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Hope for non-invasive pregnancy test

4 March 2004
By BioNews
Appeared in BioNews 248

US researchers have developed a new method for testing fetal DNA, which does not involve the use of invasive techniques such as amniocentesis or CVS (chorionic villus sampling). The scientists, based at the biotech company Ravgen, have found a way to increase the amount of fetal DNA that can be extracted directly from the mother's blood. A commentary piece accompanying the study, which appears in the Journal of the American Medical Association (JAMA), says that the work could have 'profound clinical implications' for prenatal diagnosis and cancer screening.

Currently, tests for Down syndrome and genetic conditions such as cystic fibrosis rely on taking fetal cell samples, using either amniocentesis or CVS. Both techniques involve injecting a needle into the womb, and so carry a small risk of miscarriage. Because of this, researchers have been trying for some time to develop a non-invasive technique for carrying out genetic tests during pregnancy.

It was already known that a small number of cells from the fetus always find their way into the mother's bloodstream, where they are attacked by the maternal immune system. But although previous studies have shown that small amounts of the resulting 'free fetal DNA' can be detected in a sample of the mother's blood, it is usually swamped by large amounts of DNA from maternal white blood cells.

In the new study, the researchers treated blood samples from pregnant women with the chemical formaldehyde, which 'hardened' the maternal blood cells, stopping them from bursting and releasing their DNA. This boosted the relative amount of fetal DNA present, from around 7 per cent in the untreated samples to an average of 25 per cent in a follow-up study of 69 formaldehyde-treated samples. Over a quarter of the samples contained 50 per cent fetal DNA, prompting the authors to write that 'this lays a solid foundation for the development of a non-invasive prenatal diagnostic test'. The JAMA commentary piece adds that as well as prenatal tests, the technique could also potentially be used to detect cancer cells, and monitor their spread.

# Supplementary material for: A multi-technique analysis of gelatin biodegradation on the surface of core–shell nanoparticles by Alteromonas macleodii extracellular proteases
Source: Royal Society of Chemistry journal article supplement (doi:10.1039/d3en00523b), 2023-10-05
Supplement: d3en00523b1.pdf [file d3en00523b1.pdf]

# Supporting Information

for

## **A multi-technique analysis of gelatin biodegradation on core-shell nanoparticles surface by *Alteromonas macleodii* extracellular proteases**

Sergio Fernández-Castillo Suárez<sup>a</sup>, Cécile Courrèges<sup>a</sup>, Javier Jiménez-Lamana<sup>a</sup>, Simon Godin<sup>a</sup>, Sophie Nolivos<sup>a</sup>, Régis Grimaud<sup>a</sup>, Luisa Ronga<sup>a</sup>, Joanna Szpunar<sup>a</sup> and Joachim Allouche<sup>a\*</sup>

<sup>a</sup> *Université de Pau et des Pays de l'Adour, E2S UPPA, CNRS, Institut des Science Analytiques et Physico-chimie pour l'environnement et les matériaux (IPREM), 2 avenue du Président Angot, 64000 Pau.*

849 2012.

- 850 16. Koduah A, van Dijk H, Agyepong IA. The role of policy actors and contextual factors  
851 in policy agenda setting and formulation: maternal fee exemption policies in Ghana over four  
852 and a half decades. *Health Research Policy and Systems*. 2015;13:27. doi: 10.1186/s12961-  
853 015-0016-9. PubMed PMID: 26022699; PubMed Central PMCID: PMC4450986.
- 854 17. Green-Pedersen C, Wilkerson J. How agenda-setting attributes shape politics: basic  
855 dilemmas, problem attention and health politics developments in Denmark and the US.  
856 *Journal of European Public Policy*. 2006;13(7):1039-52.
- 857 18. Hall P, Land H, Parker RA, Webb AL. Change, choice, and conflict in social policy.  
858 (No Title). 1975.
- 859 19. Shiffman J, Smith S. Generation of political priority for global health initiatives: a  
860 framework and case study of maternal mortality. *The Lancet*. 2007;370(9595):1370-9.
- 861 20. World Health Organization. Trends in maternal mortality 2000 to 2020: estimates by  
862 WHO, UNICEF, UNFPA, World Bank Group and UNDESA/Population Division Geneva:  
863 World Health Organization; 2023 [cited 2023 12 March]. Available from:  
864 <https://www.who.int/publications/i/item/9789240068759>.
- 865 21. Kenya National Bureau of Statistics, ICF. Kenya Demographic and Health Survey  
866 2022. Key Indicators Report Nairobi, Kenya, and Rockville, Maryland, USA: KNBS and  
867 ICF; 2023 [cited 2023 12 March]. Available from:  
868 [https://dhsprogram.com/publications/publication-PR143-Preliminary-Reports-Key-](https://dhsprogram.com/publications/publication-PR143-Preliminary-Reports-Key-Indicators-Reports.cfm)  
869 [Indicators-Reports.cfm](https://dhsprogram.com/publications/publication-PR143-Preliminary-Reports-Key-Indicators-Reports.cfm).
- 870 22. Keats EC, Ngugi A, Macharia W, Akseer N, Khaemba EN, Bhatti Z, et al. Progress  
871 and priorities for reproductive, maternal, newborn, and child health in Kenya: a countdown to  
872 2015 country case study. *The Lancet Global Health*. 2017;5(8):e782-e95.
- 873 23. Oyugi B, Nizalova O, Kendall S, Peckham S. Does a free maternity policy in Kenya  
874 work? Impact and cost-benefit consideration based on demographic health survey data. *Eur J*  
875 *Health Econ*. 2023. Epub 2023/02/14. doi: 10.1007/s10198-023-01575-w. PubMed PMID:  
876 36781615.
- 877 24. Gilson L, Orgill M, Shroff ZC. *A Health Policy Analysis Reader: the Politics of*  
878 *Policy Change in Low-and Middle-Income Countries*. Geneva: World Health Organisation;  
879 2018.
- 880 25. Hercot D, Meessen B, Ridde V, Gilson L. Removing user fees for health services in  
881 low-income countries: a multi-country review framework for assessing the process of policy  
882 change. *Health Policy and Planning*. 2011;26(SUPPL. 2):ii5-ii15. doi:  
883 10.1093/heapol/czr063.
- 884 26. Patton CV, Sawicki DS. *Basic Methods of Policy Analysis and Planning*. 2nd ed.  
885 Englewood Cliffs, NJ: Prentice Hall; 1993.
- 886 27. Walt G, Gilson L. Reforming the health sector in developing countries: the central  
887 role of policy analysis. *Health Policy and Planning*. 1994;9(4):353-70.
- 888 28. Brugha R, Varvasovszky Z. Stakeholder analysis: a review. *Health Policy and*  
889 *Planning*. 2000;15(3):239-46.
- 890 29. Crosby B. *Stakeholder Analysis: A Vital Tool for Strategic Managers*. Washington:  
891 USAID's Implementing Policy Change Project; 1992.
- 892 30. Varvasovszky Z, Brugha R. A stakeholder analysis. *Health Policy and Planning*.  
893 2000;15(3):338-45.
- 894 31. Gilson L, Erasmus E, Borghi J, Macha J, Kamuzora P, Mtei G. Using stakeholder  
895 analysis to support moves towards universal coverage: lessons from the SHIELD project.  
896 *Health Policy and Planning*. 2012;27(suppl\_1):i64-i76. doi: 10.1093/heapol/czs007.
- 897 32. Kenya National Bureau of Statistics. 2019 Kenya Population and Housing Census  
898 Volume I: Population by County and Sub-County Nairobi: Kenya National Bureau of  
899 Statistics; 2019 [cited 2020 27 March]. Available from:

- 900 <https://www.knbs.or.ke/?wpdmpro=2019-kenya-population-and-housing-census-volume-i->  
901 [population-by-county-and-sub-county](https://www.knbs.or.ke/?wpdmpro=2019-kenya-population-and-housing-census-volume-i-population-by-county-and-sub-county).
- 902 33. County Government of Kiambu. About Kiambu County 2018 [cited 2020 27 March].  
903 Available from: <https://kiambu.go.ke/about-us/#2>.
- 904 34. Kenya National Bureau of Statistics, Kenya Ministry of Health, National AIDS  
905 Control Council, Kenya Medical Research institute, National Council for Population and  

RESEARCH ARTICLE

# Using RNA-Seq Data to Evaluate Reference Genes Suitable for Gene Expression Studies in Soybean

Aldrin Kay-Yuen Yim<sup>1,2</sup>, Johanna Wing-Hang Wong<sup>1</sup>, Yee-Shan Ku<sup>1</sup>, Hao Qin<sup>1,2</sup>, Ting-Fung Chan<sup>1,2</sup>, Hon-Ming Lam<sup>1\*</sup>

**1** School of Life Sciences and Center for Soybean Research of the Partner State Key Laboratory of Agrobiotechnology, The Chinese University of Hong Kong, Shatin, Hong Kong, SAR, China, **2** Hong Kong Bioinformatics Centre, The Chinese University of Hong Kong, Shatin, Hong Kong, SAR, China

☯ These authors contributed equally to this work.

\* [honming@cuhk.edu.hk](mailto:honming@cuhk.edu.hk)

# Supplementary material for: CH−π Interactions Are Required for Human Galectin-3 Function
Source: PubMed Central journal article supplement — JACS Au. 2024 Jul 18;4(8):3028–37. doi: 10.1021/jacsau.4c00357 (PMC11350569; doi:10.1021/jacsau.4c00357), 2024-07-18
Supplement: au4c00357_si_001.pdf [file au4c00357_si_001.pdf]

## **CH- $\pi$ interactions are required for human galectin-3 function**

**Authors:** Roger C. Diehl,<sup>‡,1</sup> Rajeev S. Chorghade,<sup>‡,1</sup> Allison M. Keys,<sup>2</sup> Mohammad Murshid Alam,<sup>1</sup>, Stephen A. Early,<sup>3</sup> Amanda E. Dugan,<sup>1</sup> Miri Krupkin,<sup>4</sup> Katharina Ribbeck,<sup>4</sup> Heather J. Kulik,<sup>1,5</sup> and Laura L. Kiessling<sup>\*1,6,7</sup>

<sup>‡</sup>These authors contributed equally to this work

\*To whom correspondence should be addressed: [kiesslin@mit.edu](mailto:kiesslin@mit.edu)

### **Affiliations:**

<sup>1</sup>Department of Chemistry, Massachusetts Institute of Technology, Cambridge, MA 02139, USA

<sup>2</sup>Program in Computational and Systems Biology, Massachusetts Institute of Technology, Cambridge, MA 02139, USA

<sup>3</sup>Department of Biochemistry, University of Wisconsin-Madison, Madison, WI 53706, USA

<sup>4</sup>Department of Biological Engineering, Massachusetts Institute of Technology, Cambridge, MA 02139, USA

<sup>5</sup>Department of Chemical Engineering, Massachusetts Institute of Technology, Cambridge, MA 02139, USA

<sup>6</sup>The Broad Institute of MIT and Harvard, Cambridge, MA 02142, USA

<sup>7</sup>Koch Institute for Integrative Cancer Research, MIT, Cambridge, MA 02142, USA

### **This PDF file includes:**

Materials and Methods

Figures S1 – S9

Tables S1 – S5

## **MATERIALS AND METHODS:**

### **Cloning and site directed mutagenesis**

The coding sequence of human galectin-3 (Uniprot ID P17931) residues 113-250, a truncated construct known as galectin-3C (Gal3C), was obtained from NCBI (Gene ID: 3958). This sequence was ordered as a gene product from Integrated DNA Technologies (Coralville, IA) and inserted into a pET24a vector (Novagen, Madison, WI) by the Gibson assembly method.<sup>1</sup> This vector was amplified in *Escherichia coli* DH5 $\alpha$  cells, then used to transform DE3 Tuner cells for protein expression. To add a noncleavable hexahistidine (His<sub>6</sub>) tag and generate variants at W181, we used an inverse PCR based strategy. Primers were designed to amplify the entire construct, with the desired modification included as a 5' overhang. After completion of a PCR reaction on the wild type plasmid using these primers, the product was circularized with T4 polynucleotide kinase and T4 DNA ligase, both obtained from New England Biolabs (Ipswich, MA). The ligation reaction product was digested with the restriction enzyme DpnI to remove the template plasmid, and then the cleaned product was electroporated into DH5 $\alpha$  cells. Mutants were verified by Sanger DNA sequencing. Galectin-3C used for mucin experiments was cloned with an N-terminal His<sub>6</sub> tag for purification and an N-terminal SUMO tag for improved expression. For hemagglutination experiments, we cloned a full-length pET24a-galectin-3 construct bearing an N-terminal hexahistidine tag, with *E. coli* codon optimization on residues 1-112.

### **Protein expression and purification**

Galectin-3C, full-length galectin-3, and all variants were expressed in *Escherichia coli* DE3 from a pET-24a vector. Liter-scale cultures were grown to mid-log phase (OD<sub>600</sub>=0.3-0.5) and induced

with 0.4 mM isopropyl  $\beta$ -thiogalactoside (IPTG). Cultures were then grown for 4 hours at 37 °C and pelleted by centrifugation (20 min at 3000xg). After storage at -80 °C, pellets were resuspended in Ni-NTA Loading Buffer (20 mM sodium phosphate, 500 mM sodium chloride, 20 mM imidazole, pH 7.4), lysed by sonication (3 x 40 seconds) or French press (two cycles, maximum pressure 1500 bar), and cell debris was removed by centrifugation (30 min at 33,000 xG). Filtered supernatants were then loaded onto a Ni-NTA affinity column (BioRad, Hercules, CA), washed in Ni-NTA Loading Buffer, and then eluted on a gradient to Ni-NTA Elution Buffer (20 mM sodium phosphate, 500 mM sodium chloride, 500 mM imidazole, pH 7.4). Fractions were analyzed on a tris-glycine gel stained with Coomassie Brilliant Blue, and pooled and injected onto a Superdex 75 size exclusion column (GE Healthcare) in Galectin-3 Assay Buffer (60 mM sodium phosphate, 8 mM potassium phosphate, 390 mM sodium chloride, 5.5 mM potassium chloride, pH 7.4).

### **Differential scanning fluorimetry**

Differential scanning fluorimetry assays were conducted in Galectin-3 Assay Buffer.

Alastair Kent, director of the UK's Genetic Interest Group, told BBC News Online that a non-invasive prenatal diagnosis technique would give pregnant women the opportunity to have information on which they could make decisions, 'without potentially putting the future of a healthy pregnancy at risk'.

Blood test may replace invasive procedures on moms-to-be
Chicago Sun Times |  3 March 2004
Hope for safer foetus gene tests
BBC News Online |  3 March 2004
Researchers eye alternative to amniocentesis: study
Yahoo Daily News |  3 March 2004
Test may be safer way to detect fetal problems
Reuters |  3 March 2004
6 February 2007 - by Dr Jess Buxton 
A new study offers 'proof of principle' for a non-invasive pregnancy test that can detect conditions such as Down syndrome using samples of the mother's blood. The findings, published online in the Lancet journal, show that the technique correctly diagnosed 58 out of 60 samples, with...
6 October 2005 - by BioNews 
Scientists based at Hong Kong University have found a way to identify traces of fetal DNA in a pregnant woman's blood, bringing non-invasive prenatal testing a step closer. The researchers, who published their findings in the Proceedings of the National Academy of Sciences, have developed a new technique for distinguishing...
14 July 2004 - by BioNews 
A new technique could provide an alternative to invasive pregnancy tests, researchers based in the US and Asia have shown. Using small amounts of fetal DNA present in the mother's blood, they have managed to carry out prenatal tests for the inherited blood disorder thalassaemia. The study appeared in the...
26 January 2004 - by BioNews 
Accurate prenatal tests for Down syndrome and other chromosome disorders should be made available to all pregnant women, not just those over 35, according to a new US study. Researchers at the University of California, San Francisco, evaluated the cost-effectiveness of invasive methods such as amniocentesis, and also surveyed 534...
22 October 2003 - by BioNews 
The UK's National Institute for Clinical Excellence (NICE) and the National Collaborating Centre for Women's and Children's Health have published recommendations for the National Health Service in England and Wales on the routine care of healthy pregnant women. The NICE guidance includes advice on how many antenatal appointments each woman...
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